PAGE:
A Day Walking in Osaka’s Hirano-go District
A hidden gem in southeastern Osaka city, the Hirano-go district in Hirano-ku is a few minutes’ stroll south of Hirano station on the JR West Yamatoji train line or a short walk east of the Tanimachi subway line’s Hirano station. Here you will find a dozen or more temples and several shrines, some dating back to the Edo era, interspersed among old and new residential housing and small businesses.
Ambling through these quiet streets, you may hear Buddhist monks chanting from inside their dormitories, or bell ringing by people praying to Shinto gods, or the rustling of shōji papered doors among row houses. Guide maps are posted in several places, and copies are available from several of the main temples. Take your time, but be mindful that there is some traffic on the narrow streets. The larger sites will have toilets open to the public. Let’s Hirano-go!
First, we visit Dainenbutsu-ji, the largest temple in Hirano-go, built to honor Amida Nyorai, one of the Thirteen Buddhist Sites of Osaka representing the Japanese grouping of thirteen Buddhas, bodhisattvas, and Wisdom Kings. It is depicted on the map above in red on the upper left. Amida, the Buddha of Infinite Life and Light, is the main Buddha of the Pure Land Sect, or Seishi Bosatsu. Incidentally, the famous Great Buddha of Kamakura is also an Amida type. Within the temple grounds grows a sacred Shinto tree adorned with twisted rice straw rope and white paper zig-zags. A bell tower, a treasure museum, a dragon king temple, a storehouse for Buddhist scriptures, and other outbuildings, encircle the main temple. You can bring your own refreshments to eat at the outdoor picnic tables. The Buddhist colors of green, white, vermilion, blue, and yellow hang in brocade swaths inside the main temple and in long streamers on a flagpole outside. Sit a while outside and enjoy the symmetry of the structures.
Heading west, you will see where the neighborhood has several sets of Edo-era row houses (machiya) as well as other traditional buildings. These are generally made of wood and plaster with heavy tile roofs and low ceilings. Drop in for closer look inside some of these living museums. They are open to the public and are usually free of charge. Please remove your shoes in the entrance before stepping up onto the floor. Observe the art, fashion, tableware, gardens, and other elements of the past at your leisure. Below is Fujioka-tei.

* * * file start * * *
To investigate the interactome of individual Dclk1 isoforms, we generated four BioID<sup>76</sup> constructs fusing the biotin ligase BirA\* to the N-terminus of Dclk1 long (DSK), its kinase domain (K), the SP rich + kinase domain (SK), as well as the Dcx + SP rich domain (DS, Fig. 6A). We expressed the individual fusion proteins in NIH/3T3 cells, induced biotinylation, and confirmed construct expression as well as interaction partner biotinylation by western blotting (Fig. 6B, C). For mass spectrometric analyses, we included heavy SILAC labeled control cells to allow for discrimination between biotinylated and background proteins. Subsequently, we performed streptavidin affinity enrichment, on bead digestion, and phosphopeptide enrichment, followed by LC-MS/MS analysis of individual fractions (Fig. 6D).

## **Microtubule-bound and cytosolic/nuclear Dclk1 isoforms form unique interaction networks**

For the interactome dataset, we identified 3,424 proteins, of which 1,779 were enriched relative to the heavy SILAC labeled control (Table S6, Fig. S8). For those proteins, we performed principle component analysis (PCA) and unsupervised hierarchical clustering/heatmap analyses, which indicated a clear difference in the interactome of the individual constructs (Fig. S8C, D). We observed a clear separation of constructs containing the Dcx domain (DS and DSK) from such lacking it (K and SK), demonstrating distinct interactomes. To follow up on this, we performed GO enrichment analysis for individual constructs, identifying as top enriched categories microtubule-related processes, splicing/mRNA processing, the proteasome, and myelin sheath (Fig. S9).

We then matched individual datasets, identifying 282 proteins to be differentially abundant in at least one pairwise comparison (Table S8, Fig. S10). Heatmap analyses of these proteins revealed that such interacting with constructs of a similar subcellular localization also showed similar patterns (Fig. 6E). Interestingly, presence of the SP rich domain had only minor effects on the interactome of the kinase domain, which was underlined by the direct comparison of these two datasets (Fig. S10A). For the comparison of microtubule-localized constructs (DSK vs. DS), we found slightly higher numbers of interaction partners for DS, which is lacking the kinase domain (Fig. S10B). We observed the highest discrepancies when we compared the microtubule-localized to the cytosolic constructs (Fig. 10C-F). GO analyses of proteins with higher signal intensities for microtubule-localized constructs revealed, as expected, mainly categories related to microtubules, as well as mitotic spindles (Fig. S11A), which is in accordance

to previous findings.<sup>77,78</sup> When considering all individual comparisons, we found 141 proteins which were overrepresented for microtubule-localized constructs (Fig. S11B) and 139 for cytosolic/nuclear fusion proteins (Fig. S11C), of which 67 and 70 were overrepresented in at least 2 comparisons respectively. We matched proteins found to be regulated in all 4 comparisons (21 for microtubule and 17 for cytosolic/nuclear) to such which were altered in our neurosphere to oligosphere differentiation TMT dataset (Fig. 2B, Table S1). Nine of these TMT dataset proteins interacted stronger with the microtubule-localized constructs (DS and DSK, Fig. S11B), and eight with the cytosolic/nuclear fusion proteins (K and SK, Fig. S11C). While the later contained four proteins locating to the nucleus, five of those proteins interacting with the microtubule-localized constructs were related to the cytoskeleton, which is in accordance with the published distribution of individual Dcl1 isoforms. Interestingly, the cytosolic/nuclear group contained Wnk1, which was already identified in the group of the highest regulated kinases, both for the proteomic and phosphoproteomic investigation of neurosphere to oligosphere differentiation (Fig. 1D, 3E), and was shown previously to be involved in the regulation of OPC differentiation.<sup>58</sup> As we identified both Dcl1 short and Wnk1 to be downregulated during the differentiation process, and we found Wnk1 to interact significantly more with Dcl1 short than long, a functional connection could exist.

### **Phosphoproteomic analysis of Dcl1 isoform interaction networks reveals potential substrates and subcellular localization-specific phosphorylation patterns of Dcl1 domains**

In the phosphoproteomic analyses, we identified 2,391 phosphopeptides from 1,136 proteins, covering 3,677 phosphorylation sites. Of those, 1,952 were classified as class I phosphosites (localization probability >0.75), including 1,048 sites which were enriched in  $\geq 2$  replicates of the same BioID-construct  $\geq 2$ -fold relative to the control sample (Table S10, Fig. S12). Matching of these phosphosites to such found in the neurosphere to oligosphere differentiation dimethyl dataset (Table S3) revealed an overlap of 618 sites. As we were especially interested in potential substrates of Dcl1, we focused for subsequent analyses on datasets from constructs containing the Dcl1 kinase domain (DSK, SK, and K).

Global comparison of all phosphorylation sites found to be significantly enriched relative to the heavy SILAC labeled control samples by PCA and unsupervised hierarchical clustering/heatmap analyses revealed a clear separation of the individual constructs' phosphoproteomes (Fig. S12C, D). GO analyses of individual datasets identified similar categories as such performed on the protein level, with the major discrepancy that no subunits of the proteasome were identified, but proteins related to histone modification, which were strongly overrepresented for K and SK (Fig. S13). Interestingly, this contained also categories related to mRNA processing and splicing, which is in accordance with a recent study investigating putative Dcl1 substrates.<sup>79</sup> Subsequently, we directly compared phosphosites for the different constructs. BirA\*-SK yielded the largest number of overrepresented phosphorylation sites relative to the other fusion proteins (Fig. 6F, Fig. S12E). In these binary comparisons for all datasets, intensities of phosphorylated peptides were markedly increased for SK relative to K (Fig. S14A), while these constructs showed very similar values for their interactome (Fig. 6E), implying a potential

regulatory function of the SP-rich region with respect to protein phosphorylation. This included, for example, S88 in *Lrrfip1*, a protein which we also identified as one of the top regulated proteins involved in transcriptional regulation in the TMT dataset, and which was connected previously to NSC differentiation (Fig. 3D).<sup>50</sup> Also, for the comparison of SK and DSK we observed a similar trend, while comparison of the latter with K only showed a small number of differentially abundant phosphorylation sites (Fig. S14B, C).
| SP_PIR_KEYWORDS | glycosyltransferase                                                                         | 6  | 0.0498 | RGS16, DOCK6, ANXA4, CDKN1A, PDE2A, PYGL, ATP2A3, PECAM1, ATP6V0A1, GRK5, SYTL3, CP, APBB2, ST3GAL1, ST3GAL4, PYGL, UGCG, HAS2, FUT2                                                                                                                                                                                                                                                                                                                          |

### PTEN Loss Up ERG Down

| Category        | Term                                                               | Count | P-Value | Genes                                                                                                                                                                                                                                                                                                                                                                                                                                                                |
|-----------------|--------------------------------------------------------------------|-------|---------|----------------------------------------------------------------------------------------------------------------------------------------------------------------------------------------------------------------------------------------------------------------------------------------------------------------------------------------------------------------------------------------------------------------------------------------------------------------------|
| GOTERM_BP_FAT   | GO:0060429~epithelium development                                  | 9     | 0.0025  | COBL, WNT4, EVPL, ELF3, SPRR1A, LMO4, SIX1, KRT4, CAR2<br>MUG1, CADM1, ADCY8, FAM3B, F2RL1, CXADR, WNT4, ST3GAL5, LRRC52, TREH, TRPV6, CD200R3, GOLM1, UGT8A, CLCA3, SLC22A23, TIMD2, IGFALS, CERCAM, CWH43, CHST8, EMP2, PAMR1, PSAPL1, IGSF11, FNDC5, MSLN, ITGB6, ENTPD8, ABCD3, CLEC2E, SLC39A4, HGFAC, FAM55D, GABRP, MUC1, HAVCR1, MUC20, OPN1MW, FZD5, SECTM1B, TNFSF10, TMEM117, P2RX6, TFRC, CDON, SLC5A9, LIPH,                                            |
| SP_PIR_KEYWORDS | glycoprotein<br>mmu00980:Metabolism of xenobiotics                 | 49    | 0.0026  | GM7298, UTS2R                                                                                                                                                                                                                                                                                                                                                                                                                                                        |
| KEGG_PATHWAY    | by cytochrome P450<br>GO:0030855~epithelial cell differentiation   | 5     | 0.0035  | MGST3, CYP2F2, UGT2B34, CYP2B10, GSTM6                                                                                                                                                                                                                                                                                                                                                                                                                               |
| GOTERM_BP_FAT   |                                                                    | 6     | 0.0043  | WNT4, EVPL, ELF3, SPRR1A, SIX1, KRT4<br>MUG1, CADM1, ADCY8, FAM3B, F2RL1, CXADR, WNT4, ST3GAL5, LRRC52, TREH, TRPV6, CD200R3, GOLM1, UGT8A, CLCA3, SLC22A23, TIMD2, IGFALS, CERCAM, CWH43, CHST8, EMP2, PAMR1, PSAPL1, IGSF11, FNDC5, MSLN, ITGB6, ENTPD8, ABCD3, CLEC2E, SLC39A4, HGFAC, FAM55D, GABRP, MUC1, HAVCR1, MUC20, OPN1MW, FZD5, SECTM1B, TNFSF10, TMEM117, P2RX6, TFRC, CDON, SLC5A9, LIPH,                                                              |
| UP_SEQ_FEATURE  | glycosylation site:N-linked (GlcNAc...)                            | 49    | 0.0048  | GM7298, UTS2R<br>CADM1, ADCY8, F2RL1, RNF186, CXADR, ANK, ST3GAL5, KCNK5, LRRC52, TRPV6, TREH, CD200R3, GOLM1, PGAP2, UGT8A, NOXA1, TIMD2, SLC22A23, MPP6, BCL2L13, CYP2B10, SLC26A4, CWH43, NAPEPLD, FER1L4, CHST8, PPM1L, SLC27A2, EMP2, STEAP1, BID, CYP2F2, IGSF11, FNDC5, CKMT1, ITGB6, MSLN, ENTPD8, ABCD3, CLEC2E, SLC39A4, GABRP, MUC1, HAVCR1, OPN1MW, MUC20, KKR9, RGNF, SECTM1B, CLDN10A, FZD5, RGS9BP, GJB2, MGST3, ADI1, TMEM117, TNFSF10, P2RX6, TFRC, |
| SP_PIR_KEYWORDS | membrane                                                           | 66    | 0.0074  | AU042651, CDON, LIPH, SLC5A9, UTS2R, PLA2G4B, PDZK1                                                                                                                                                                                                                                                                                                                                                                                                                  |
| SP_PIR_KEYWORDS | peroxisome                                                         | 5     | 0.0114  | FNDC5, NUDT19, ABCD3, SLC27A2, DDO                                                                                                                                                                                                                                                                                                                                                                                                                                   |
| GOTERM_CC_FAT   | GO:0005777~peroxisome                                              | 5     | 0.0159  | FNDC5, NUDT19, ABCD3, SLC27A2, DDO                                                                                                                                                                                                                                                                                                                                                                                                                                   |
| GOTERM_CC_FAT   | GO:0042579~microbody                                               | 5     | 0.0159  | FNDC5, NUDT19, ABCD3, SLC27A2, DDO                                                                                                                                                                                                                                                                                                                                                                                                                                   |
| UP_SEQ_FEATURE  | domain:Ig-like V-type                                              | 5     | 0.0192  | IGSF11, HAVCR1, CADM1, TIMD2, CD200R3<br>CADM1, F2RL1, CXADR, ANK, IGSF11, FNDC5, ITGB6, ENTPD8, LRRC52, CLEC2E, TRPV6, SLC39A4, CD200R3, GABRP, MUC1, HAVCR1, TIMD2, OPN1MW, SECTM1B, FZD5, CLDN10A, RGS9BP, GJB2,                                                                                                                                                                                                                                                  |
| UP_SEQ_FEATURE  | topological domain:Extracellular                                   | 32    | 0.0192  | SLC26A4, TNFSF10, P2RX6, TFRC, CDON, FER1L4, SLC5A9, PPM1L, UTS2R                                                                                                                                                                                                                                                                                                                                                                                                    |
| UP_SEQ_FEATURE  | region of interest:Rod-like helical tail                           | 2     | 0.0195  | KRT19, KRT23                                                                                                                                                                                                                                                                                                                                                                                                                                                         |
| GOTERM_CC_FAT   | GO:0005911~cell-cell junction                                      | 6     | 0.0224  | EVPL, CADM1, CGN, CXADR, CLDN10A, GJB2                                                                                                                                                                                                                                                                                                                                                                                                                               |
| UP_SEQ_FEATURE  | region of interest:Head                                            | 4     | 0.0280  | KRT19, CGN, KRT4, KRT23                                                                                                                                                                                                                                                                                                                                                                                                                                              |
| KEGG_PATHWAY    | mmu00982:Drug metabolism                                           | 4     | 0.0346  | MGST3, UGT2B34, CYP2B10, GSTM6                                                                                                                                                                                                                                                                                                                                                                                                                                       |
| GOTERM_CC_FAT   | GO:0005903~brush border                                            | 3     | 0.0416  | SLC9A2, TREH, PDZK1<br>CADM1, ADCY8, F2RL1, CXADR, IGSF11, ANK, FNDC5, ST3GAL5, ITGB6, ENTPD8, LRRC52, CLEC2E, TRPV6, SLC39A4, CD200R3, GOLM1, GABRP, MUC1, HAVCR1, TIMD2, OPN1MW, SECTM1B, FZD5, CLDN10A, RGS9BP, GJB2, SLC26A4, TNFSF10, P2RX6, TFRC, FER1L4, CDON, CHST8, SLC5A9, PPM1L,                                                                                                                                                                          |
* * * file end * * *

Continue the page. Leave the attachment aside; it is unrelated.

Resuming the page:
Here is the Kusunoki Daimyōjin, a small Shinto shrine. Note the stone path leading up to the main building enshrining the kami, or god, of the sacred camphor tree. This is an Inari shrine, probably the most common type in Japan, as indicated by the vermilion gates (torii) and the pair of foxes. You can see an offertory box in the middle. Toss in a coin or two before ringing the bell and praying at the sanctuary.
Ekōji temple and monastery’s entrance features a general gate, or “sōmon”, with an irimoya-style roof. Strong wooden beams support the heavy ceramic roof tiles. Dragons perch on each corner of the roof to ward off evil spirits. As is customary with many religious buildings in Japan, this has been recently rebuilt.
Nearby, Kōbō Daishi temple offers a chance to spin a stone prayer wheel. “Ikkai Issho”, carved into the base, means “one turn, one time”. But, Buddhist monks are probably the only ones who can read the old-style kanji characters on the black wheel.
Clean your hands using water from the ladle before lighting an incense offering within this carved stone monument.
Finally, catch up to a more recent era, the 20th Century, on the shopping street “Sun Alley” that runs east to west halfway through Hirano-go. This covered row of two-story shops and restaurants has changed very little since the 1970s. Alas, many businesses are now shuttered as shoppers now prefer to patronize newer malls and supermarkets. You can still find real Japanese foods and goods here, with friendly, robust Osakan service.
Colorful pickled vegetables in an open stall.
Stop and enjoy a refreshing beverage at LUCK Cafe. Hot coffee in winter, or iced matcha in summer, served in a cozy corner.
Or take some more time to stroll further west and south in Hirano-go.